A missionary from Central Massachusetts who is “in the middle of the craziness” in Haiti sparked by a now-rescinded government plan to raise fuel prices in the impoverished nation said things are calming down and getting back to normal.

On Sunday, the U.S. State Department issued an alert urging its citizens in Haiti to shelter in place and not to go to an airport unless travelers had confirmed their departing flight was taking off.

Despite the warning, Scott Long, the president and founder of Mission E4, a nonprofit para-church ministry based in Hubbardston, traveled from Léogâne, Haiti, on Sunday to the Toussaint Louverture International Airport in Port-au-Prince.

“We’re down in Haiti in the middle of the craziness but we’re doing well,” Mr. Long said on his cellphone. “They had the road blocked with rocks and/or tires probably every 300 to 400 yards. I ran across 300 roadblocks to block the road to keep traffic from circulating.”

Protests erupted Friday hours, before the government-set price of fuel was to rise by up to 50 percent. Subsequently, the Haitian government canceled the increase amid protests that left several people dead and prompted airlines to cancel flights over the weekend.

Mr. Long said he hasn’t seen the streets of Haiti blocked up at the levels they were on Sunday since 2004 coup d'état in which Haitian President Jean-Bertrand Aristide was removed from office.

“Based on the magnitude of what I saw, it was clearly not just a couple gangs. It was clearly not just one political party. It was, really, a good portion of the population that rose up,” Mr. Long said. “They literally wanted to shut the country down. They wanted to shut traffic down. They wanted to shut business down. They wanted to shut down people coming in and out of the airline. They wanted to send a big message to the government that they’re not going to nor can they accept the price increase in fuel that was coming.”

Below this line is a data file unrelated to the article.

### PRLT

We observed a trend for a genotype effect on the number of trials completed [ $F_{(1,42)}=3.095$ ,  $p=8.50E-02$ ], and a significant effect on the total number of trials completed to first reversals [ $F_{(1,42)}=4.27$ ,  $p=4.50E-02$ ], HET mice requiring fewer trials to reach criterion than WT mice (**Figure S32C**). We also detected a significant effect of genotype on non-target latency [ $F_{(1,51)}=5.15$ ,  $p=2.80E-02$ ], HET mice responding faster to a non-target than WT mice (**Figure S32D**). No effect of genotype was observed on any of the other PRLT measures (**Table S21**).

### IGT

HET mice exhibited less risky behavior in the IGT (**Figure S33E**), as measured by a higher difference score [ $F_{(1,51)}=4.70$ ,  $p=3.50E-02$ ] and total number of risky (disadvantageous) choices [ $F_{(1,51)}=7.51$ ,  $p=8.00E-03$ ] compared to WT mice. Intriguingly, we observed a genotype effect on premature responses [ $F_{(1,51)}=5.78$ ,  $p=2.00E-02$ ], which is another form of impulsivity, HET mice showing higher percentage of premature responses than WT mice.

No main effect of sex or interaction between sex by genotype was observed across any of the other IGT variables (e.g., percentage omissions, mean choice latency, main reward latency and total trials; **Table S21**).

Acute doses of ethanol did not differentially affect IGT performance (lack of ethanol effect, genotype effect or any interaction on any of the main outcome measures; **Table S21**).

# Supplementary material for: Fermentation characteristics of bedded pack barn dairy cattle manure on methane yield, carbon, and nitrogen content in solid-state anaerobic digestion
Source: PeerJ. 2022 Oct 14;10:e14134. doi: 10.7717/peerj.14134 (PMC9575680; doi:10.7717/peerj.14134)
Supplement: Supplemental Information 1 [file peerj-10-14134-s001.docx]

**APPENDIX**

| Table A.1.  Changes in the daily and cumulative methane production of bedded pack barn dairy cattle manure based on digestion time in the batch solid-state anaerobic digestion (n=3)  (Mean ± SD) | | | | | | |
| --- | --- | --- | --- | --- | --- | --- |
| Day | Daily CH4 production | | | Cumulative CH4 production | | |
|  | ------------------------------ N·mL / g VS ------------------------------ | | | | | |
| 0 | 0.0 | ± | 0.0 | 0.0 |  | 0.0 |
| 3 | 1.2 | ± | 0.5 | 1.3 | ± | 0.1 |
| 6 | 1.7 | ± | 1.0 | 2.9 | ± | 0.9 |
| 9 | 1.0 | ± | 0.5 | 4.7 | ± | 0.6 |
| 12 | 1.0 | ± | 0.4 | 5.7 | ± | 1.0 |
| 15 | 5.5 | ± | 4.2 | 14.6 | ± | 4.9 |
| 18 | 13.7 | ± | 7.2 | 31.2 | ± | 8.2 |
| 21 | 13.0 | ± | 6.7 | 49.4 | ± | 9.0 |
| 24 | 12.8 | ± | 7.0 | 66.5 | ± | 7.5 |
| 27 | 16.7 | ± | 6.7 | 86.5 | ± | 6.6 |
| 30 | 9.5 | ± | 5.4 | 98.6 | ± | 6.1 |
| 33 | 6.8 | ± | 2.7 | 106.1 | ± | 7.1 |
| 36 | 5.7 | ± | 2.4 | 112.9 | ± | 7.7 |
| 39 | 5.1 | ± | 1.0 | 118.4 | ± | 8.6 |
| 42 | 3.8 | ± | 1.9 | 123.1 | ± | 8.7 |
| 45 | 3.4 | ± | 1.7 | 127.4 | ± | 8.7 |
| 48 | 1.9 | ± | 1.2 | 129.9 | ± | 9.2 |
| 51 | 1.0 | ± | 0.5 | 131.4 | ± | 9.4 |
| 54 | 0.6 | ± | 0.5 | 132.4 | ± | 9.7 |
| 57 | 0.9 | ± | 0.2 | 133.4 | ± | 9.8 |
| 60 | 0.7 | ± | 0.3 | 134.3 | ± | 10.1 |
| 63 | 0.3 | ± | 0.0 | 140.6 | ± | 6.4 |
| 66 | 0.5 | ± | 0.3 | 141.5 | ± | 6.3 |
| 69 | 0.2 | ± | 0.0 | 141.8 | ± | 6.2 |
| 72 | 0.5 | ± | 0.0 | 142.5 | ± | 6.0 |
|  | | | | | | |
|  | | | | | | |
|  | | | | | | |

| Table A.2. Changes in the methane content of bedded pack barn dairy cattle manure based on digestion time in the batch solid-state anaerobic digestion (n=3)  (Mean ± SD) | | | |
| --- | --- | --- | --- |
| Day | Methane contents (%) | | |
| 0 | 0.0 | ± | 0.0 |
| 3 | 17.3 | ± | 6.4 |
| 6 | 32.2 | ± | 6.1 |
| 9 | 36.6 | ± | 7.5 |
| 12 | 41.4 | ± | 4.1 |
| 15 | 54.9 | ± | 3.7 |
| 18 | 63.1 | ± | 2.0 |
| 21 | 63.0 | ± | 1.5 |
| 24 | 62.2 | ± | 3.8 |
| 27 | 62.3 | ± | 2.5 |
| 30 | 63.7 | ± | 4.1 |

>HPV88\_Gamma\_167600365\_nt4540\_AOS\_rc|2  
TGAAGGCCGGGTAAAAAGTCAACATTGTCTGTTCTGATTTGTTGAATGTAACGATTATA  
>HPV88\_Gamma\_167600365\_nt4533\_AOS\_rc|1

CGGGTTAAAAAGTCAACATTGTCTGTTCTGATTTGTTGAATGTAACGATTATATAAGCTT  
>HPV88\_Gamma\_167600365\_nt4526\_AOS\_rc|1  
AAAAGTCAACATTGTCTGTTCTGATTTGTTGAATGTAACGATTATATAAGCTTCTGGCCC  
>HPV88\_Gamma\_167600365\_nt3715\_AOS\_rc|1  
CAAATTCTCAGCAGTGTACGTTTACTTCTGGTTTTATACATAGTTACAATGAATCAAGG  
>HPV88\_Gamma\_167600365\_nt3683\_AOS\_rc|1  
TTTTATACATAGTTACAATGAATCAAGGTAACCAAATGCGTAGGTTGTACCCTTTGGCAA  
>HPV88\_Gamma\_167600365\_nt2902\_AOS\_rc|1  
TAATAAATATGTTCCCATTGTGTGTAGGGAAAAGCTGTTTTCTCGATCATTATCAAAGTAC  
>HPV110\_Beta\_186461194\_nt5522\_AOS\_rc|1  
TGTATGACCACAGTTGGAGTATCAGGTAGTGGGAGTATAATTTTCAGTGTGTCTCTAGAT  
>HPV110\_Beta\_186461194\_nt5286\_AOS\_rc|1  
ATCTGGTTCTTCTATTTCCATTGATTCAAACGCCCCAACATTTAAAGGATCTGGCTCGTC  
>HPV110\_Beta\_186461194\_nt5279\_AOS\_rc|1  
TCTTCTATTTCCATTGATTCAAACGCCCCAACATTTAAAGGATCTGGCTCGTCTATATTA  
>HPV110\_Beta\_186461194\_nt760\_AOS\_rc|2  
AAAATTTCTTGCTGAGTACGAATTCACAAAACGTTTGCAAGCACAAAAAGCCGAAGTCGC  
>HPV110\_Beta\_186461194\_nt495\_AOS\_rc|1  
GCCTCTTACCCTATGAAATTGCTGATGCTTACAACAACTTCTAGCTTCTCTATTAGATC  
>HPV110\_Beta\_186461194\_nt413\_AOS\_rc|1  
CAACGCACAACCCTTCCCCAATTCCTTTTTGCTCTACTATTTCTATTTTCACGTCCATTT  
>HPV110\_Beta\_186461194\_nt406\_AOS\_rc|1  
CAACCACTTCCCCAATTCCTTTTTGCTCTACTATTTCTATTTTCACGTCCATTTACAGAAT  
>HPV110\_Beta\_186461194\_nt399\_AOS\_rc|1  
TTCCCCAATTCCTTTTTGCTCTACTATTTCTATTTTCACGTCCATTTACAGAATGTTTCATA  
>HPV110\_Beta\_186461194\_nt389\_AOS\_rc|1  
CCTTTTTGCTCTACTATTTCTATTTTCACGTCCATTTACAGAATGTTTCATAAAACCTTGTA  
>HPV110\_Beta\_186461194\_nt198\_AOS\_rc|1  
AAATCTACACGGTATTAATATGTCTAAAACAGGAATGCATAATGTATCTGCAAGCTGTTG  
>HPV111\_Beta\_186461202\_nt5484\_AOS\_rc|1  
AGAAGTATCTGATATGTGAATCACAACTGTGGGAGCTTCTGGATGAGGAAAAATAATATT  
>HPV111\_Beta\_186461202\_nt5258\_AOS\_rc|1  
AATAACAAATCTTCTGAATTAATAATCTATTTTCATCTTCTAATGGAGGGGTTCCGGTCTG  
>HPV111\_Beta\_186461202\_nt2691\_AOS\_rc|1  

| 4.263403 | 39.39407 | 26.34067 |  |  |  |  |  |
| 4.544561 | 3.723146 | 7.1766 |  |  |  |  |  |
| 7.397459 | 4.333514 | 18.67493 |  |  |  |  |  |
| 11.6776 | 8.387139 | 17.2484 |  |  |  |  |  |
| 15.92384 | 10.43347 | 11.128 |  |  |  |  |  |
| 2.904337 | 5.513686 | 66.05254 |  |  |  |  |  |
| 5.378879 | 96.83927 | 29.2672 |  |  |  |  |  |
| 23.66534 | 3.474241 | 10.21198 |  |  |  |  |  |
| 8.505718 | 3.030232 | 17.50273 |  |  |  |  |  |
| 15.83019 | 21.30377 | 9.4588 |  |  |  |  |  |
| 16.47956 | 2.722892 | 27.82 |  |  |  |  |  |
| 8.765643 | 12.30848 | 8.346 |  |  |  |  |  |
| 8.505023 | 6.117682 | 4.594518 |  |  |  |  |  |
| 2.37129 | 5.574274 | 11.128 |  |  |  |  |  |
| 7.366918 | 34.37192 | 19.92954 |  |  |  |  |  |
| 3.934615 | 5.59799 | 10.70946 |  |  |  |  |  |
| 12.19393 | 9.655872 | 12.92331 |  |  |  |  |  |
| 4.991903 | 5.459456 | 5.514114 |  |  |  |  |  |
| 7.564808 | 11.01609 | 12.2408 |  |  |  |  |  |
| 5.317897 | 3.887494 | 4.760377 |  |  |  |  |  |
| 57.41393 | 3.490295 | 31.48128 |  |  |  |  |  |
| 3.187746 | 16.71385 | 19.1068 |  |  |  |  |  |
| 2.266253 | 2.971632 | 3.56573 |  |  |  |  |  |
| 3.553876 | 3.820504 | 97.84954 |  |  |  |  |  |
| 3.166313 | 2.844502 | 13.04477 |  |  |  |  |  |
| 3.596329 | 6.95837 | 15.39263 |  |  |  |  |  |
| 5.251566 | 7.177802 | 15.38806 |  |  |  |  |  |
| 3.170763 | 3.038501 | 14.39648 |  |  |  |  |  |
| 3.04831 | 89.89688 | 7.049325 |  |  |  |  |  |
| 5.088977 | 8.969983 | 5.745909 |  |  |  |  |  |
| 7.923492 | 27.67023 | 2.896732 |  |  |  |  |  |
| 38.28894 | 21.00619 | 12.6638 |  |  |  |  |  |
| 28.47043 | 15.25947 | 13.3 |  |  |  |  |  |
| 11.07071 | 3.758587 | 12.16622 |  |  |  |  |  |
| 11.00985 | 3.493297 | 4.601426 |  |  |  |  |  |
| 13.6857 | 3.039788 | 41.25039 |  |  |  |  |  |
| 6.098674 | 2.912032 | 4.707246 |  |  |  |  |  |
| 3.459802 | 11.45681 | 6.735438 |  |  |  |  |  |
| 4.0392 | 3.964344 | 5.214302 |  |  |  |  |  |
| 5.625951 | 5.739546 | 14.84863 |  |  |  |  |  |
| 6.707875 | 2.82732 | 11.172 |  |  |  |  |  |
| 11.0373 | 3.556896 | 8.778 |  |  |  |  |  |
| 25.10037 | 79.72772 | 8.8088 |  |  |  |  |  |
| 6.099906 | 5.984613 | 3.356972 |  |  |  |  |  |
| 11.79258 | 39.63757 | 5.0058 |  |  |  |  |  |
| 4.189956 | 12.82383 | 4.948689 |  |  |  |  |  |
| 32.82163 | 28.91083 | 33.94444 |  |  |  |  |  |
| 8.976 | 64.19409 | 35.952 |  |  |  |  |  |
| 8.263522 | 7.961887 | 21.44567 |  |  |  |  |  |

Before sunrise Sunday, Mr. Long traveled 25 miles to get to the airport to meet one of his mission’s associates, Paul Occhipinti of Princeton.

“We took a couple of tap taps (shared taxis). We had to take one for about three miles. Then we he hit a place where we could absolutely not pass,” Mr. Long said. “So we got off and we had to walk on foot for about three miles. Then we found another vehicle that took us another three or four miles. He couldn’t go any further than that. We had to walk on foot again for another two or three miles. And then we finally got a couple of motorcycles to take us the rest of the way to the airport.”

On Monday, Mr. Long saw Franklin Town Councilor Glenn Jones, who also was in Haiti to do work for Mission E4, depart from the same airport with no problem.

Mr. Long, who had flown to Haiti on Wednesday, said most of the roads from Port-au-Prince to Léogâne were pretty clear Monday.

“As a whole, thing are really beginning to calm down," Mr. Long said. "We’re all hoping, by tomorrow (Tuesday), things will be getting a little bit more back to normal.”

Despite the protests, Mr. Long said, the mission workers' travels have stayed on schedule and he and his American comrades are not worried about his safety.

“This wasn’t just some senseless act of violence that was going on. These people are suffering. And this was a protest against a gas hike that the government has been proposing,” Mr. Long said. “This is a country where most people make barely over a dollar a day. So when you’re talking an increase in fuel cost at 40 percent, obviously, it’s not just affecting vehicles. It’s affecting the price of rice. It’s affecting the price of everything, because once fuel costs go up, everything goes up. It’s substantial.”

Material from The Associated Press was used in this report.